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Nationals Have Arrived But What Came Before?


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With the Nationals starting spring training this week, I just wanted to give everybody a little history of baseball in Washington. As everybody knows, this is a huge sports town and it deserves a winner.


With the popularity of the Redskins and Capitols and the rise of the Wizards, just imagine how nuts this place will be if the Nationals shock everyone this year.





The last time the Washington Nationals fielded a team – albeit a semi-professional one – Ulysses S. Grant was president, the United States was still healing from a devastating Civil War and the transcontinental railroad was in the midst of being connected to allow Americans to travel like never before.


Oh, have the times changed. The Nationals have returned, giving baseball-starved fans in the D.C. area reason to celebrate. Sure, there has been professional baseball in Washington before, but staying power has proved to be difficult. Twice, a team named the Senators tried to win over fans in Major League Baseball but failed. And six different Negro League teams called Washington their home in hopes of making the nation’s capitol the center of baseball, not just politics.


But the Montreal Expos’ financial troubles in Canada have turned out to be D.C.’s gain as MLB approved the first move of a baseball team since, well, the last time Washington lost baseball in the early 1970s.


Fans can only hope that this incarnation of the Nationals goes better than recent attempts at baseball in D.C. The original Washington Senators were more like the Cardinals of the NFL or the Clippers in the NBA. Between 1901 and 1960, Washington finished sixth, seventh or eighth in the American League 33 teams and won only three pennants in 60 years.


The “Golden Era” for the Senators came in 1924 and 1925 when the team won back-to-back A.L. pennants behind player-manager Bucky Harris, the youngest manager in the Majors, and Hall of Fame hurler Walter Johnson. Harris took over a team that had a losing record in 1923 and helped the franchise break attendance records at Griffith Stadium. In 1925, more than 800,000 fans saw the Senators play, which doubled the total of the year before Harris arrived. It stood as the club’s highest attendance until the team finally broke the million mark in 1946.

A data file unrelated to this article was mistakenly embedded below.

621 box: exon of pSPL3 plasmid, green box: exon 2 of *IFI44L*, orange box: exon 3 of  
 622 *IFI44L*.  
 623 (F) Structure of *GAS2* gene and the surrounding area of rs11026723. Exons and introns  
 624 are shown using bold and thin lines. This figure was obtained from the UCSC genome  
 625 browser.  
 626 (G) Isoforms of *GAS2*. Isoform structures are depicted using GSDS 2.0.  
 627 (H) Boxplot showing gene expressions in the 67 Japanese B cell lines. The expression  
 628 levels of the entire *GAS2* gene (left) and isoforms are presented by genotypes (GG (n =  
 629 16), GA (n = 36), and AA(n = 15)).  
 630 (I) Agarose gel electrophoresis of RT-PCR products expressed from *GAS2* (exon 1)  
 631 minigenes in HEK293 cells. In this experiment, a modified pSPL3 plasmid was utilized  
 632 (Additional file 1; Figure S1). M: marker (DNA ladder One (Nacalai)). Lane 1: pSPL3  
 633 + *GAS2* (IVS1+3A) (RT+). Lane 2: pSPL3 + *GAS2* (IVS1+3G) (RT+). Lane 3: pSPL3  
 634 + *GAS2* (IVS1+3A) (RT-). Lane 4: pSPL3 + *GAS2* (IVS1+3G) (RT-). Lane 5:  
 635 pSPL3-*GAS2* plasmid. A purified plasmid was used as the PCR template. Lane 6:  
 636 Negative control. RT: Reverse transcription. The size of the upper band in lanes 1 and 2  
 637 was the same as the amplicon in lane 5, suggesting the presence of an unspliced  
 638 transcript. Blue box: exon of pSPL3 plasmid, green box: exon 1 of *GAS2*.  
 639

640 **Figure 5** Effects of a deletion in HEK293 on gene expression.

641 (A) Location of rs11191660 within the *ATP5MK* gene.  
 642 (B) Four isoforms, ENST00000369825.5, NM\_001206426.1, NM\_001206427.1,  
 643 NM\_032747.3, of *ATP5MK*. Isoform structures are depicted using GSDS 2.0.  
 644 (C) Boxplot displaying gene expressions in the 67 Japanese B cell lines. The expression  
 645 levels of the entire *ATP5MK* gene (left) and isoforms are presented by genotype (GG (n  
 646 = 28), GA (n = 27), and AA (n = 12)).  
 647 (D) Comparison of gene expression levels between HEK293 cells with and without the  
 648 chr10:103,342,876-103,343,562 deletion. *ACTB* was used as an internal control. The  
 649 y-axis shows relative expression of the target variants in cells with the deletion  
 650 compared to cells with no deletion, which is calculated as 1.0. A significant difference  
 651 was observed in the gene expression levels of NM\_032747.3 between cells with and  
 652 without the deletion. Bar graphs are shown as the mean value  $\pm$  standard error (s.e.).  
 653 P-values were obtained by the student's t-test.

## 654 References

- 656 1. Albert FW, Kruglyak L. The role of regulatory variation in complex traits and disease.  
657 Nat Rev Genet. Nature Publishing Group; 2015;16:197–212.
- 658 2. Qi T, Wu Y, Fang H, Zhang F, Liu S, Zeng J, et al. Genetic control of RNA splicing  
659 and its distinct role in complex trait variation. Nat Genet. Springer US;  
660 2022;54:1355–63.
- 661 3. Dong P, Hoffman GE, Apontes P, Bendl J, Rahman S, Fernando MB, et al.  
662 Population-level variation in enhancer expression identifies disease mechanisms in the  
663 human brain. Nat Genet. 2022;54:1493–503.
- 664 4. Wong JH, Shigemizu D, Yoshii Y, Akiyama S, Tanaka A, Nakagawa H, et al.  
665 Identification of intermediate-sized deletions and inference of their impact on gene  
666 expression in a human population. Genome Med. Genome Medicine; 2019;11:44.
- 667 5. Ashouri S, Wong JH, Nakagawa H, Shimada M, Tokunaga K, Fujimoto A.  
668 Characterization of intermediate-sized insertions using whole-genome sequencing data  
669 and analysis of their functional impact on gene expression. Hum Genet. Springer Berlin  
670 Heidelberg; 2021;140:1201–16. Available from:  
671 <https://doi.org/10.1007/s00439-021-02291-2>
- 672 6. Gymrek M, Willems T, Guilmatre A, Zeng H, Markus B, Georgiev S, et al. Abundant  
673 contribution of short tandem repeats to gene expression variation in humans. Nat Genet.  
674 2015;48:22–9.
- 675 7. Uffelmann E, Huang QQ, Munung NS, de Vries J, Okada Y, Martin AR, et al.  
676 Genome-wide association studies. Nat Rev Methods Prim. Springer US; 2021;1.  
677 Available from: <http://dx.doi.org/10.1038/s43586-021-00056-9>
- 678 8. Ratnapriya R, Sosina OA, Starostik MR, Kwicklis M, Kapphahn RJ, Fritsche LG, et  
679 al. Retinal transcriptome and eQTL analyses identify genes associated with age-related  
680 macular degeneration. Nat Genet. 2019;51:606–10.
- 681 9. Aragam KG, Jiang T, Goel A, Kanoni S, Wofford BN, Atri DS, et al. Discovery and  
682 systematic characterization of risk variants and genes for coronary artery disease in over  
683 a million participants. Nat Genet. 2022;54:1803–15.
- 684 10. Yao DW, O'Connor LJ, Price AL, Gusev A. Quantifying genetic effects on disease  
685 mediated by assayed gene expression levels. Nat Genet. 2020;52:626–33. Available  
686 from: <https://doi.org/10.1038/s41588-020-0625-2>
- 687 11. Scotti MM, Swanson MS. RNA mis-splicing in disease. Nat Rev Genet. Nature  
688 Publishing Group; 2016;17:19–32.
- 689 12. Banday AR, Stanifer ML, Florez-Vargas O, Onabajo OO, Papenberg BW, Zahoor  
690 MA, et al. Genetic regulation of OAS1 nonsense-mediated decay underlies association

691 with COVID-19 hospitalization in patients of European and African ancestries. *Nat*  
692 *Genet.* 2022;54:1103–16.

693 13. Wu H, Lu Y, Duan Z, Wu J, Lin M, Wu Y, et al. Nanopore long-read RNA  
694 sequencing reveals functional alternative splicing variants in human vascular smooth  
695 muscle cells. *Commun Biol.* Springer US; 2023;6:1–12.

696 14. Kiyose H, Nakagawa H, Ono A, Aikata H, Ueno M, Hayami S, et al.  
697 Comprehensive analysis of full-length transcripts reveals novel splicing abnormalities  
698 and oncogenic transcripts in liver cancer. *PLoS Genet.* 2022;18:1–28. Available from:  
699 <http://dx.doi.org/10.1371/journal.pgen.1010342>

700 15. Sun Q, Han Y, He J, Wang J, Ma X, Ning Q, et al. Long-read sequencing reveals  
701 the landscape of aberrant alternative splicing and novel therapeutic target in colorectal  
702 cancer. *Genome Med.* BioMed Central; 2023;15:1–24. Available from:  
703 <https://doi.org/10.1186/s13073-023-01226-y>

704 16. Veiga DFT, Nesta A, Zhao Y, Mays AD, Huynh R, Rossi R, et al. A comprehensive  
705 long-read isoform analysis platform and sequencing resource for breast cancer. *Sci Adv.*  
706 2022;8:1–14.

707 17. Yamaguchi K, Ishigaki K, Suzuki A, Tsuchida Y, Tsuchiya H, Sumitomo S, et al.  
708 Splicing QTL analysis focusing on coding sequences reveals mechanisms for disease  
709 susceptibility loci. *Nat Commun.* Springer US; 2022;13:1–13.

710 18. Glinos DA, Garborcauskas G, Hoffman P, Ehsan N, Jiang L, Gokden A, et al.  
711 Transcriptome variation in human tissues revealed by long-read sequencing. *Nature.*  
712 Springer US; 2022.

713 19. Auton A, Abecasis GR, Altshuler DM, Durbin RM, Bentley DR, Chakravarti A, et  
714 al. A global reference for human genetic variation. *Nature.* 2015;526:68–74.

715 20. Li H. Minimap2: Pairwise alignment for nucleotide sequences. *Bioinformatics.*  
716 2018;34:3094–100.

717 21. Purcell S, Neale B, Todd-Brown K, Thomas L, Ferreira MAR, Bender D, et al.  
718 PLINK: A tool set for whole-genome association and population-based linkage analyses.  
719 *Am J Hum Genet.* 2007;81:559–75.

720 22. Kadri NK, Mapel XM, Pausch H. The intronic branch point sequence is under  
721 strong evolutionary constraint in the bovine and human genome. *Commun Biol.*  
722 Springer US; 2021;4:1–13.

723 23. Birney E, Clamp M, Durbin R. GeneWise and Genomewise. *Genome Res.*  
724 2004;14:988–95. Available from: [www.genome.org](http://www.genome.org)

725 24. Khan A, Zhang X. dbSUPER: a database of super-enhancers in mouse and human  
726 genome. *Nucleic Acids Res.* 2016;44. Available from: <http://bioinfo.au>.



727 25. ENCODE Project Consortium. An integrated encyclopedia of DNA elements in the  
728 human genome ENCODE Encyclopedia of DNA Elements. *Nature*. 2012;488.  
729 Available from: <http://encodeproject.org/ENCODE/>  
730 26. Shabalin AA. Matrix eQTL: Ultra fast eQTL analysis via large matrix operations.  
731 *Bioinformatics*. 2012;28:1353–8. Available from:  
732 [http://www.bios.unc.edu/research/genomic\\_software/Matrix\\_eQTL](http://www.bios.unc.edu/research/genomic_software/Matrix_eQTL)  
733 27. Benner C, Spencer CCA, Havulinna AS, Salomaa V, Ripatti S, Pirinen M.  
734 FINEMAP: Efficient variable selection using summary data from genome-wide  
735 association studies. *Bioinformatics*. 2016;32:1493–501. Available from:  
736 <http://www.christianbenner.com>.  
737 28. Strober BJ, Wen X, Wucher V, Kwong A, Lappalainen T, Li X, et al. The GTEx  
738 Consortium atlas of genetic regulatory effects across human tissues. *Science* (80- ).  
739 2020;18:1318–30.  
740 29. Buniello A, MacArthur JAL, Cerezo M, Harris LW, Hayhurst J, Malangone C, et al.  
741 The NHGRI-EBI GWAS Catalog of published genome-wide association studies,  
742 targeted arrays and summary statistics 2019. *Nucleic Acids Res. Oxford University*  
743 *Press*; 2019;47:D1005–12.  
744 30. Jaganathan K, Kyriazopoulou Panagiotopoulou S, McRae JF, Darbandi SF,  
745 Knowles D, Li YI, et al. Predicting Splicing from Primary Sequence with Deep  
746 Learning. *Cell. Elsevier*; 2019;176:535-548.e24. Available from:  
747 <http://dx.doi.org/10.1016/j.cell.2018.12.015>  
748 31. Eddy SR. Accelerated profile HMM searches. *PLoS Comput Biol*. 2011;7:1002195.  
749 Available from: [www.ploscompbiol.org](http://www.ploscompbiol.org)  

The 1946 team was an anomaly as Ossie Bluege’s bunch finished 28 games out of first place, yet drew 1,027,216 fans. After that season, however, fan support dropped off considerably, falling to under 500,000 from the 1955 to 1958 seasons. As fans moved to the suburbs and more games were played at night, Major League Baseball suffered attendance problems across the board despite the economic prosperity of the era.


After the 1960 season, Senators owner Calvin Griffith moved the team to a publicly financed stadium in Bloomington, Minn., to become the Minnesota Twins. The moved opened the D.C. market to the American League, which was expanding by two teams the next season.


Unfortunately for D.C. baseball fans, the second incarnation of the Senators fared even worse than the first one. The team finished no higher than sixth place between 1961 and 1968 and finished last three times. When baseball split into divisions prior to the 1969 team, Boston Red Sox legend Ted Williams took over the managerial post but the team finished an average of 33 games out of first place for the next three years.


With little fan support, competition from the nearby Baltimore Orioles, and what owner Robert Short claimed was the high crime rate of D.C., Short moved the second Senators to Texas, where they became the Rangers.


Two teams. Two failures. It appeared baseball in Washington was dead. When baseball expanded in 1977, 1993 and 1998, the D.C. area was again left out in the cold for the return of baseball.


But Major League Baseball could not ignore the nation’s capitol when the Expos needed to get out of their money-draining situation in Montreal. The D.C. city council approved the construction of a $440 million stadium for the 2008 season and baseball is back in D.C.


Now, fans hope it’s for good.

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